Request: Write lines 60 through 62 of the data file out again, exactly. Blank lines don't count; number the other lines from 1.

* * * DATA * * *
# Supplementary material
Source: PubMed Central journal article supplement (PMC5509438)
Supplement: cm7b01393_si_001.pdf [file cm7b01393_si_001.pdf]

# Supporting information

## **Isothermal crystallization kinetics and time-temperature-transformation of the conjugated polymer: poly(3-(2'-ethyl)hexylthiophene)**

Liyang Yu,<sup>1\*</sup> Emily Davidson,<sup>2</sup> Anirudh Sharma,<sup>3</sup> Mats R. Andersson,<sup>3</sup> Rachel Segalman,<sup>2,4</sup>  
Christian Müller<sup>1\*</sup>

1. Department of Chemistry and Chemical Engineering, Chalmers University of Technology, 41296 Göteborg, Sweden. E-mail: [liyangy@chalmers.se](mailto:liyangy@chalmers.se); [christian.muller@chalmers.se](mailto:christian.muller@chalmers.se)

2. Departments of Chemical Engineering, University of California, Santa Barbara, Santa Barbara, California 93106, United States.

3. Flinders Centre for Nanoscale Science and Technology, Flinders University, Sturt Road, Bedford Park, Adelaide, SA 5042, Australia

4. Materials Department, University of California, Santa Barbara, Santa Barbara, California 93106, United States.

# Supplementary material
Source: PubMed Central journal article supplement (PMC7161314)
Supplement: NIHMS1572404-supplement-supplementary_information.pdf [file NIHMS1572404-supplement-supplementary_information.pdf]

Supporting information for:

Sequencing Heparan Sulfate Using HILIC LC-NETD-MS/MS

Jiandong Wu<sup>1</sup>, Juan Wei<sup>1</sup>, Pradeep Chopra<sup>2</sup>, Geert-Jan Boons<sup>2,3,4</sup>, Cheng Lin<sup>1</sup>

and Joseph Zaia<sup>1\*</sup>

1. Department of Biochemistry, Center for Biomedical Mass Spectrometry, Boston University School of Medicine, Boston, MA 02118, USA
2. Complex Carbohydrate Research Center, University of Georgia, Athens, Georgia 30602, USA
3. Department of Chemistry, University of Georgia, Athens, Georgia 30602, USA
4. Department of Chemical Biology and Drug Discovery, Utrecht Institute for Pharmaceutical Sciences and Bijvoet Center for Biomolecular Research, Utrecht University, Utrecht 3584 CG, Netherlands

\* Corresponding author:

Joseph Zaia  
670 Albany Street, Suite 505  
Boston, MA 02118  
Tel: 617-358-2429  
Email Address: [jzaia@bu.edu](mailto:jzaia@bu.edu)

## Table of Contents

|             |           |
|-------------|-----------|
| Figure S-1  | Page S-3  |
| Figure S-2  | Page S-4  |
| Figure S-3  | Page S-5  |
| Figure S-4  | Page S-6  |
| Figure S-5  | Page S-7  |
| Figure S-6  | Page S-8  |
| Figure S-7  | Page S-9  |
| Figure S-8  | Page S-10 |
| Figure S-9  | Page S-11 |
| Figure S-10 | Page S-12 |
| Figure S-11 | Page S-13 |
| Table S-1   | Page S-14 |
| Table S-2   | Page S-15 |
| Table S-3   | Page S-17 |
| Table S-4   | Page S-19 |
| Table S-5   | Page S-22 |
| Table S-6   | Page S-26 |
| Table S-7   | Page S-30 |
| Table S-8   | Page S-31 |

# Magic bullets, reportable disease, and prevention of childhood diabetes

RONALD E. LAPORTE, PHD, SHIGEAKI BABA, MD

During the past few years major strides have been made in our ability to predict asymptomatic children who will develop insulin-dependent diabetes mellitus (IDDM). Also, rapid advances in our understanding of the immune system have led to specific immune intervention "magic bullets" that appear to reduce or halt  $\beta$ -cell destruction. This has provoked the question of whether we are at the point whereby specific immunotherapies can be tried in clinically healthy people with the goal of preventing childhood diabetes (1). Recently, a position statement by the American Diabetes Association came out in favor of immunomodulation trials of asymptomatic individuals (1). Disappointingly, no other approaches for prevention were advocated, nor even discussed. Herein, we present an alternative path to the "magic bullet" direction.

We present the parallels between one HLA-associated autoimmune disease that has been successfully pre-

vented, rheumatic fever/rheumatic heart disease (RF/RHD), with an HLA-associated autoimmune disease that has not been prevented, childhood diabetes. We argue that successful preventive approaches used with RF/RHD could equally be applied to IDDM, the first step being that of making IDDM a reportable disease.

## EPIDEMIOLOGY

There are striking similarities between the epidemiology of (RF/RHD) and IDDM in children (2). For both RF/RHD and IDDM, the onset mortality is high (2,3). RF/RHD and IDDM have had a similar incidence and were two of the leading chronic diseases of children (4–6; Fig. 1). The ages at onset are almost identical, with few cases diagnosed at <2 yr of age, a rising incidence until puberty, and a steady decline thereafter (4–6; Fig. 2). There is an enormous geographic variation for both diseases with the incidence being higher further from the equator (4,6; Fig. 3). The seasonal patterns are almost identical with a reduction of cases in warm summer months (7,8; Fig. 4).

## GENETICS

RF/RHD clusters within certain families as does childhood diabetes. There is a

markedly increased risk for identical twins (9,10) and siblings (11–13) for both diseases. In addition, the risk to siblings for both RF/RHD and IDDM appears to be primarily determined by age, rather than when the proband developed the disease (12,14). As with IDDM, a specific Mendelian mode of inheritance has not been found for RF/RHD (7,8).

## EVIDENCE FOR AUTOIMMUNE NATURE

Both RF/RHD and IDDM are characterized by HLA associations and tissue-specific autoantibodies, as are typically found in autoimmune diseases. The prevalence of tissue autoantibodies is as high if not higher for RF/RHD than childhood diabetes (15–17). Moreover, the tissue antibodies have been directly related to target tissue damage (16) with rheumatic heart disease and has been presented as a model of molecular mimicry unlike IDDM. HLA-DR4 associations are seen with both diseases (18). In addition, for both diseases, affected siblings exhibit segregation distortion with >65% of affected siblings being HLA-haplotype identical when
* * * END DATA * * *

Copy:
markedly increased risk for identical twins (9,10) and siblings (11–13) for both diseases. In addition, the risk to siblings for both RF/RHD and IDDM appears to be primarily determined by age, rather than when the proband developed the disease (12,14). As with IDDM, a specific Mendelian mode of inheritance has not been found for RF/RHD (7,8).

## EVIDENCE FOR AUTOIMMUNE NATURE

Both RF/RHD and IDDM are characterized by HLA associations and tissue-specific autoantibodies, as are typically found in autoimmune diseases. The prevalence of tissue autoantibodies is as high if not higher for RF/RHD than childhood diabetes (15–17). Moreover, the tissue antibodies have been directly related to target tissue damage (16) with rheumatic heart disease and has been presented as a model of molecular mimicry unlike IDDM. HLA-DR4 associations are seen with both diseases (18). In addition, for both diseases, affected siblings exhibit segregation distortion with >65% of affected siblings being HLA-haplotype identical when